NYT Revisionist History on School Closings
Conservatives warned about long-term negative results for children’s education, and The New York Times finally gets it.
In yet another instance of conservatives being able to say “we told you so,” the New York Times editorial board recently discovered that “The Startling Evidence on Learning Loss Is In.” The editorial observes, “The school closures that took 50 million children out of classrooms at the start of the pandemic may prove to be the most damaging disruption in the history of American education.”
Golly, who knew? (That was rhetorical.)
Meanwhile, back in the spring of 2021, the Times pushed the opposite position. In an op-ed published in April of that year originally titled “Parents, Stop Talking About the ‘Lost Year,’” author and Times columnist Judith Warner argued that concerns over months-long pandemic school closures and the negative impact on children’s education were overblown.
At some point, the Time updated and softened Warner’s title to “How to Help Your Adolescent Think About the Last Year,” but the teaser still expressed the original sentiment: “Hint: It’s not a ‘lost year.’ Also, the screen time with friends? It’s good for their mental health.”
The article went on to downplay the whole problem. “Experts say some of [parents’] worries are justified — but only up to a point,” Warner said. “There’s no doubt that the pandemic has taken a major toll on many adolescents’ emotional well-being. … And there’s no question that witnessing their loneliness, difficulties with online learning and seemingly endless hours on social media has been enormously stressful for the adults who care about them the most. … Despite all of this, [therapist and school counselor Phyllis] Fagell, much like the dozen-plus other experts in adolescent development who were interviewed for this article, was adamant that parents should not panic — and that, furthermore, the spread of the ‘lost year’ narrative needed to stop. Getting a full picture of what’s going on with middle schoolers — and being ready to help them — they agreed, requires holding two seemingly contradictory ideas simultaneously in mind: The past year has been terrible. And most middle schoolers will be fine.”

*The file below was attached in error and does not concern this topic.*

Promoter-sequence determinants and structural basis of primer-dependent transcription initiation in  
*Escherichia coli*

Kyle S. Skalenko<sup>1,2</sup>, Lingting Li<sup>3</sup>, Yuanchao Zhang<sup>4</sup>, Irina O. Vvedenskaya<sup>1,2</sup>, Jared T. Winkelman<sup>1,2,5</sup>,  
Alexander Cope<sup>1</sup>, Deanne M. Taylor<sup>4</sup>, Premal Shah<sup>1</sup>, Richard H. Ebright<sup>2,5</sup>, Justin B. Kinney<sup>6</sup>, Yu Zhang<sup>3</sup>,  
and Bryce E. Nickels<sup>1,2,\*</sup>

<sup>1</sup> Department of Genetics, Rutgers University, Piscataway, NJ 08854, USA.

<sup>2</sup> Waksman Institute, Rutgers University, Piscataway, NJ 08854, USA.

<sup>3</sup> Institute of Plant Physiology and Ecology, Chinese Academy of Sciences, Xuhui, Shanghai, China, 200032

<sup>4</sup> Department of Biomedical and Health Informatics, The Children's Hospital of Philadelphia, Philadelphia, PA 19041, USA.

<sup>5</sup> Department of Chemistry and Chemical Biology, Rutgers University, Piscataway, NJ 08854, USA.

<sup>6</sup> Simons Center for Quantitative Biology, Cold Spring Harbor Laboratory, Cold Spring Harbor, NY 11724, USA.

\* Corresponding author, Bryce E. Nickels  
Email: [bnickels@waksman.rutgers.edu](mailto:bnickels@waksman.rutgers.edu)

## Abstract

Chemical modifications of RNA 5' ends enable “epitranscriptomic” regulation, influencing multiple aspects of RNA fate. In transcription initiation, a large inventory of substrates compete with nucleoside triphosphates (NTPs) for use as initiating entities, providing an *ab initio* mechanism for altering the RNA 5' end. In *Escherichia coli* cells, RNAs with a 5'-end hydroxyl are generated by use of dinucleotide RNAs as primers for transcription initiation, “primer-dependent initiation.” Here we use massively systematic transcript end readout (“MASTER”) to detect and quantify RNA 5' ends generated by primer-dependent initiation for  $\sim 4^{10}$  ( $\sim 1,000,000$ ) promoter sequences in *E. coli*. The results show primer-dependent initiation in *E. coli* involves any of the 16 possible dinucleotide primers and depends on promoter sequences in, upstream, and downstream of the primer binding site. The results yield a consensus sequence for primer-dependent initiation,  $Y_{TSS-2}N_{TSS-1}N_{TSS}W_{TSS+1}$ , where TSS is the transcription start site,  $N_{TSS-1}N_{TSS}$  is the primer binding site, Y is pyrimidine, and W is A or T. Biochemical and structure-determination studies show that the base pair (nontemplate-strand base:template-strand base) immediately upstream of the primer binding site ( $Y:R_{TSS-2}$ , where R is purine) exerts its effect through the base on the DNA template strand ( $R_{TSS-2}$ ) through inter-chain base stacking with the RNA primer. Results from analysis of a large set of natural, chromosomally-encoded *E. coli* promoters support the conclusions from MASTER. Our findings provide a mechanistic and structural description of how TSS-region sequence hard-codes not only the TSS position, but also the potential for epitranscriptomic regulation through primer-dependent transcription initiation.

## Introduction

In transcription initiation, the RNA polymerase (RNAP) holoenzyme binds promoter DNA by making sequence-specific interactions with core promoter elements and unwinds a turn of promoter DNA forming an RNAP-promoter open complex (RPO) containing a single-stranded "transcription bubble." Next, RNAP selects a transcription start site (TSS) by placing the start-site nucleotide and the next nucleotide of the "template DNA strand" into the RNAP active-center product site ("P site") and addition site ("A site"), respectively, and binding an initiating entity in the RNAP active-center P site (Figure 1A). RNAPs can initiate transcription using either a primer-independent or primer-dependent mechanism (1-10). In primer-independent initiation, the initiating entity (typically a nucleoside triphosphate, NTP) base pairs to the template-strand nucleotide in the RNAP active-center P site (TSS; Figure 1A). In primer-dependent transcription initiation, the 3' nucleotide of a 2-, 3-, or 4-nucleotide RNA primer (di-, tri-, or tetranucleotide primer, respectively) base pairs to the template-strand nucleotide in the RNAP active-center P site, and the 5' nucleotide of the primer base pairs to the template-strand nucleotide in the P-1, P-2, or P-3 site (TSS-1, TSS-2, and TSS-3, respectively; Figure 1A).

Note that last sentence: “most middle schoolers will be fine.”
Evidently not. Indeed, the Times editorial board is now ringing the alarm bells over a generation of Americans behind in their education. School shutdowns have, the editors say, “set student progress in math and reading back by two decades and widened the achievement gap that separates poor and wealthy children.” So, which is it? Middle schoolers will be fine, or American educational progress has been set back 20 years?
As our own Mark Alexander observed early on: “The school shutdowns, which have enormous impact on families, are based in part on the lowest common denominator factor — the parent who is going to send their child to school sick because it was not convenient to keep him or her home. And when Americans begin to figure out the economic consequences of the state and local actions which have shuttered schools, events, and businesses, there will be political HELL to pay.”
The scribes at the Times and all over mainstream media were big proponents of shutting down schools for the entirety of 2020 and beyond as they perpetuated the flawed notion that protecting the most vulnerable — the elderly and immune-compromised — meant sacrificing the future development of the least vulnerable — school-age children.
Ironically but predictably, the Times is arguing for more government funding and intervention to fix the very problem the government caused.
Poor leadership was most clearly displayed in Democrat-run states, which opted for totalitarian, one-size-fits-all polices that maximized negative impacts across all of society rather than using a sensible conservative approach that used targeted actions aimed at protecting the most vulnerable while also seeking the least social disruption. Of course, the Times and other Leftmedia outlets decried the latter approach as equating to wishing death on others.
Three years on, and they’re acting like they have just been exposed to the notion that taking kids out of school would have seriously negative consequences down the road. And the most ridiculous thing about it is their call for more government “solutions” for America’s “learning loss crisis.” The Times editorial board geniuses write, “A collective sense of urgency by all Americans will be required to avert its most devastating effects on the nation’s children.”
Now they tell us.